So, shouting some thing on the streets is punishable by law while saying the same thing in a sermon by a religious authority is protected by the law. How something is said becomes as important as what is being said, when it comes to the freedom of speech and expression.

If I apply the same logic to the Arundhati Roy sedition case, I would argue that if she had written the same speeches in the form of a book, it might have been acceptable within the limits of freedom of speech and expression (though there's a chance the book would have been censored too). But since she chose to shout it out on the microphone in front of an audience, it was immediately termed seditious and punishable.

Thursday, November 11, 2010

Miss Roy misses the prize

A Spanish photographer, Emilio Morenatti was awarded the first Freedom of Speech prize for Journalistic Values, yesterday. Interesting! Didn't know such prizes existed.

Was that why the whole fuss over Kashmir and its freedom created by Arundhati Roy? Was she eying a similar prize for writers too? It's rather sad all her efforts went in vain though. All the work she put in to prepare those speeches, delivering them without violating the country's sedition laws, following up with other discourses on the freedom of speech and expression, and someone else walked away with the prize! All that hard work and not even a special mention. It's sad.

Her freedom story

When we were hiring a maid the last time round, my family was told the woman had abandoned her family and run off to Mumbai without a notice. On hearing that, we were apprehensive if she would be serious towards her commitment with us but we still hired her. Later, I got to know the story behind her running away.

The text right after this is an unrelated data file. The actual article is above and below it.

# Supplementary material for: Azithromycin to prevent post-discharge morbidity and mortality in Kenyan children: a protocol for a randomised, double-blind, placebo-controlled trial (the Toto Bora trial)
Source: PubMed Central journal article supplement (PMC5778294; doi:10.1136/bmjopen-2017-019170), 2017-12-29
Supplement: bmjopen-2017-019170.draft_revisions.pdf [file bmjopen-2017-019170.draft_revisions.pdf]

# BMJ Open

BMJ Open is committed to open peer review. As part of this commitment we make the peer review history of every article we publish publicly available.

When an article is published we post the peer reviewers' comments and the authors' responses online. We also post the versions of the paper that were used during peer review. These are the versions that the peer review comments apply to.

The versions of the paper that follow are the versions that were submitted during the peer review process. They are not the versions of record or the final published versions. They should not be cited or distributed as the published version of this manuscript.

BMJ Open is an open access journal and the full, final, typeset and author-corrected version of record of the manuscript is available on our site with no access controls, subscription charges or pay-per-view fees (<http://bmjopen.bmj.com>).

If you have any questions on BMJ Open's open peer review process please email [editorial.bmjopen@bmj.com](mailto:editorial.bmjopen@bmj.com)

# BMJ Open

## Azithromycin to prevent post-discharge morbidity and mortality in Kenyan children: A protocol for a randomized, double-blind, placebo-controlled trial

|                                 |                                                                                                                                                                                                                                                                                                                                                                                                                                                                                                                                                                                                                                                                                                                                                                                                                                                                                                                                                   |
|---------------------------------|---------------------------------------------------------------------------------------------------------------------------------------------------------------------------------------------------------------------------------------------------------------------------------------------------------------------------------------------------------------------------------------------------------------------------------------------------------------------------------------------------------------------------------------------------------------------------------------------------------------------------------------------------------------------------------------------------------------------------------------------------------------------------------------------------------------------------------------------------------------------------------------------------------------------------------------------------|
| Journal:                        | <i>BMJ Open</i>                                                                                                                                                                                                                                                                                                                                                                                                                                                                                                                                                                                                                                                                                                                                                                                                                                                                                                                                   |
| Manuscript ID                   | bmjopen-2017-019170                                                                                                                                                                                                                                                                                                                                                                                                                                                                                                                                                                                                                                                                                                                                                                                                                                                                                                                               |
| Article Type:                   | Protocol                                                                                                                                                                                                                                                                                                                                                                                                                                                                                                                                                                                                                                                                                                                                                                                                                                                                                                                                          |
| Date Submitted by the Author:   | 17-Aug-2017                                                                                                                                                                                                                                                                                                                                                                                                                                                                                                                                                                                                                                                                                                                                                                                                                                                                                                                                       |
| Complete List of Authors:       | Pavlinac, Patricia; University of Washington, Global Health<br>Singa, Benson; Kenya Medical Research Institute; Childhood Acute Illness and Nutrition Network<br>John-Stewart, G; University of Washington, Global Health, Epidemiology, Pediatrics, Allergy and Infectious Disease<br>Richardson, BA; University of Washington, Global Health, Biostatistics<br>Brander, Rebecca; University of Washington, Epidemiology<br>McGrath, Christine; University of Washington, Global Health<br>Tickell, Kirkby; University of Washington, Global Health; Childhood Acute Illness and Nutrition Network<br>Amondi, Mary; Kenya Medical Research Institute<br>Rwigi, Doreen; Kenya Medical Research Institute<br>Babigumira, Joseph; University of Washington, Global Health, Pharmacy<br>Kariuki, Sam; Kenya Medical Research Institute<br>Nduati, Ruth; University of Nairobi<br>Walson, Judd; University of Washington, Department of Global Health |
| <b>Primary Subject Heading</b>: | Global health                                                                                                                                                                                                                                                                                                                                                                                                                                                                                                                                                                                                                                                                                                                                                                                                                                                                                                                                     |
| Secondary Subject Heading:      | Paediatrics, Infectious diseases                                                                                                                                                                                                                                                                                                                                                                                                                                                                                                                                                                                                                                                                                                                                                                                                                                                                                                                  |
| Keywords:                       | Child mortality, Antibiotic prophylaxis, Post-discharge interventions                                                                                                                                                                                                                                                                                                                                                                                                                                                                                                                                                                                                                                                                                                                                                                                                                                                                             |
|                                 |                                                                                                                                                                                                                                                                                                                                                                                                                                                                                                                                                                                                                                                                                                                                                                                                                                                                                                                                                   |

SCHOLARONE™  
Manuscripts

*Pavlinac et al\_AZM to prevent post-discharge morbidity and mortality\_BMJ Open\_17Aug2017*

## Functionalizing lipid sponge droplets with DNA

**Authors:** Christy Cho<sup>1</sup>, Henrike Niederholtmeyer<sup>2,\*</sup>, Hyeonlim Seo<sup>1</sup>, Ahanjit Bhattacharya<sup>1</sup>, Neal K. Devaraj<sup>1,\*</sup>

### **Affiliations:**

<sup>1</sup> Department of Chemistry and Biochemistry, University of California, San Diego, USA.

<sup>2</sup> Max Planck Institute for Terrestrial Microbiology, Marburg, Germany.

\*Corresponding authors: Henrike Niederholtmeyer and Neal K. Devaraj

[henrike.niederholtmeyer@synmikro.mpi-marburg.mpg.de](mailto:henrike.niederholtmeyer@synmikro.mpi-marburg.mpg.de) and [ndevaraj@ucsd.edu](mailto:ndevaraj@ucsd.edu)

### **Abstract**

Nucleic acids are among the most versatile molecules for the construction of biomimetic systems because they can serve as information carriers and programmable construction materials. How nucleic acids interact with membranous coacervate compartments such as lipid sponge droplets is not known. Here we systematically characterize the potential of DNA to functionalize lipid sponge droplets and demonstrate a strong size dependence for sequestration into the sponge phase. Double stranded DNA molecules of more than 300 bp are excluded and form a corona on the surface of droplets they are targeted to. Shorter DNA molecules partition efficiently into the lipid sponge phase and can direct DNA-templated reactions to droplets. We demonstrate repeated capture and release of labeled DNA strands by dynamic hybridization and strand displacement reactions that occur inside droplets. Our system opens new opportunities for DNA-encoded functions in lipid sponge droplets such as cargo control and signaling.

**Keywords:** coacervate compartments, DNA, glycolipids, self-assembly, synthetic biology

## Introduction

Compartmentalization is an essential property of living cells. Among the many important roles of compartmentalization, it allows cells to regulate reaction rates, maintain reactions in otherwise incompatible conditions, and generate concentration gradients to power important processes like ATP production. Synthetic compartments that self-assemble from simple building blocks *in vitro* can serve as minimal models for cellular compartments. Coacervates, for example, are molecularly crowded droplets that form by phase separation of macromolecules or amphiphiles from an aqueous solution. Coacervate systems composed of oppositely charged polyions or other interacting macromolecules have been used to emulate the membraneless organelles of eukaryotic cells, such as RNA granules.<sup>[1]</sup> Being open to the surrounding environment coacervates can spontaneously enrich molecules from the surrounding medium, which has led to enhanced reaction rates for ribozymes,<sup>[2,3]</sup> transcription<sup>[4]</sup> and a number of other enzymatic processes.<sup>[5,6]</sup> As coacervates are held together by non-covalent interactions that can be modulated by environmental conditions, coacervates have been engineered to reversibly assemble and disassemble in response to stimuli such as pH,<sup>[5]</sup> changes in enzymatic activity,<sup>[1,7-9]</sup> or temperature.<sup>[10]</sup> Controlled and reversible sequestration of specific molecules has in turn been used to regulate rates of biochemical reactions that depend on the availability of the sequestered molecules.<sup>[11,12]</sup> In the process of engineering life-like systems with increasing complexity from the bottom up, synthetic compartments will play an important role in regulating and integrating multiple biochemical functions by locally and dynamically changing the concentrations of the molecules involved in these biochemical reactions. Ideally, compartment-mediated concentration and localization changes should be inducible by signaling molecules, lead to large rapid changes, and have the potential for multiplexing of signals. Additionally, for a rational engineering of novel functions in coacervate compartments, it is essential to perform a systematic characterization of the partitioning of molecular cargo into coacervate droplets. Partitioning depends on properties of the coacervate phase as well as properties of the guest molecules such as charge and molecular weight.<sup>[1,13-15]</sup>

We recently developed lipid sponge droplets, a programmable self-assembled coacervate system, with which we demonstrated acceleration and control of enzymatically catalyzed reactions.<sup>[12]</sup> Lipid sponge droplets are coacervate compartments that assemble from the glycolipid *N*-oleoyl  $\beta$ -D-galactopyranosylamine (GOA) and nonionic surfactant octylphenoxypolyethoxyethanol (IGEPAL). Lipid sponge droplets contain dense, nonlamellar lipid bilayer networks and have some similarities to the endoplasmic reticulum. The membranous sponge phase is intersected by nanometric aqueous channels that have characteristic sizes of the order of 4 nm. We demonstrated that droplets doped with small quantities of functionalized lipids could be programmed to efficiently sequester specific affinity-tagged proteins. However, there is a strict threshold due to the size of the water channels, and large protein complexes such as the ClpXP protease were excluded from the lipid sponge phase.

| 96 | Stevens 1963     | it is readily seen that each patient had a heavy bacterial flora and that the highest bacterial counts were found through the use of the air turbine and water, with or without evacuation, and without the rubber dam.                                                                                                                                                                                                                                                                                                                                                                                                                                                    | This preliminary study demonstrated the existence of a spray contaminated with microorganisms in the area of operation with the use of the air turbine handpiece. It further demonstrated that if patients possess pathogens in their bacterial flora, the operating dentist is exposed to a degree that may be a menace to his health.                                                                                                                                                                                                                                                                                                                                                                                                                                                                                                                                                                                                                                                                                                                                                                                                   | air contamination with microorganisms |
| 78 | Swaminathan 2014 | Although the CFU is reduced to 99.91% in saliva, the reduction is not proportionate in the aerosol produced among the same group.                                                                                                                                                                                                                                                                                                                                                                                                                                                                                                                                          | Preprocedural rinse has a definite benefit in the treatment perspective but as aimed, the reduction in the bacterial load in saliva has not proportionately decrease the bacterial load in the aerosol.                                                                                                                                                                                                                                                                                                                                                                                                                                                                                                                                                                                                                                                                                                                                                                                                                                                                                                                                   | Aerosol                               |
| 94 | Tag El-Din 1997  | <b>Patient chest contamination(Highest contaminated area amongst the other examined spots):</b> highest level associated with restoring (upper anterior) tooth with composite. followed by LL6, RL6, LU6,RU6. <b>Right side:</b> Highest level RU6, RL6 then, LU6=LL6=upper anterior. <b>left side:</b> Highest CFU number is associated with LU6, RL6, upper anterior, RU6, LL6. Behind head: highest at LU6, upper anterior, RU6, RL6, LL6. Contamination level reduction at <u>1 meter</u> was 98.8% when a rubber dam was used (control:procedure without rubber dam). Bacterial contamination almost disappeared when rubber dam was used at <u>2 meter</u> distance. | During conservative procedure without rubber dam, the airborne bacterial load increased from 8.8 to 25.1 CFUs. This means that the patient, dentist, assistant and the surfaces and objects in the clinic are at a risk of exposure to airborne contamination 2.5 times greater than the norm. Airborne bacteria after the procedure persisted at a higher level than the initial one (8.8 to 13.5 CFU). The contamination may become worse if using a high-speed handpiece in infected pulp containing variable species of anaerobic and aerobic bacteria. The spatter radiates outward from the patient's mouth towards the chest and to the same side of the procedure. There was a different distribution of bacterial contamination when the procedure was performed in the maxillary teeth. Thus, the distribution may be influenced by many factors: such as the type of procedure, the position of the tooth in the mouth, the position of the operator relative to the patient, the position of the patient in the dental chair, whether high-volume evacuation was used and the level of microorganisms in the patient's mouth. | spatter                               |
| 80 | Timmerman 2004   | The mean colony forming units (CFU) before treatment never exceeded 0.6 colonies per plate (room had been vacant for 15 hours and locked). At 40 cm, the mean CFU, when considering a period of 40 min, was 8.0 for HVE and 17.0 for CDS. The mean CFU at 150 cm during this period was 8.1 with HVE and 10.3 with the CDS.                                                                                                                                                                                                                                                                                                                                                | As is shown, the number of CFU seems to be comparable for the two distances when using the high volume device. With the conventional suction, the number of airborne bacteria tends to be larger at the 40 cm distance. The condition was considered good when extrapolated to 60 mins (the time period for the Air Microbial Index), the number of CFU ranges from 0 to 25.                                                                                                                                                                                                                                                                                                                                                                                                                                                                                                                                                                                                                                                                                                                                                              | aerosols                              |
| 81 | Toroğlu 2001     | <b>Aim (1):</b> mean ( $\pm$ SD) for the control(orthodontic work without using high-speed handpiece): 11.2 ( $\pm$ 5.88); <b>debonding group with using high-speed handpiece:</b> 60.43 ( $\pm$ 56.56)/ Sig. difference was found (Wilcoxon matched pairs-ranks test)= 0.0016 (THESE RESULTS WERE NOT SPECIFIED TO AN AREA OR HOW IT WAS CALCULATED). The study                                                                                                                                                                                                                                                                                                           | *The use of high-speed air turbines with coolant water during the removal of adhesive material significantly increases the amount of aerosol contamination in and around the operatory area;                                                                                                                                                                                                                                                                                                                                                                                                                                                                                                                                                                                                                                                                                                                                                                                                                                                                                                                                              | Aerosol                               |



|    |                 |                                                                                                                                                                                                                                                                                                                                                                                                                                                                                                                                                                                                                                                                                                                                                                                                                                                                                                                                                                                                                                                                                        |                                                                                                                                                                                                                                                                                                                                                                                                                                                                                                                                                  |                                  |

It was 7:30 p.m. when she entered the house that day. I was sitting in grandma's room, working on an assignment. She came into the room and sat down on the floor. I didn't pay attention at first. Her head was down and she was staring at the floor. I didn't notice her till I heard a voice say, "He is such a *" (due to reasons of decency and forgetfulness, I don't remember what she said).

I looked at her then. Her other sentences came between her sobs. It was difficult to understand with the broken Hindi. But with the bits and pieces I could gather, she was cursing her husband. Her daughter had fallen sick. Medical bills were pouring in. The money she earned working at the houses was not enough. And the husband earned a meager sum and idled rest of his time away. But before I could respond, she dialed someone's number and started babbling in Bengali on the phone.

It is then that I noticed a small circle of singed skin near her wrist.

As if she could read what was on my mind, she put down the phone and said, "This is when my husband burnt me with the end of his burning bidi." I have heard of stories of domestic violence before, but to see the scars of the act with my own eyes was unnerving. I was shocked.  I couldn't say anything. I just stared. She went on, "He comes home and beats me. I work all day earning for him, my daughter, my son and he just sits there and orders me to work more."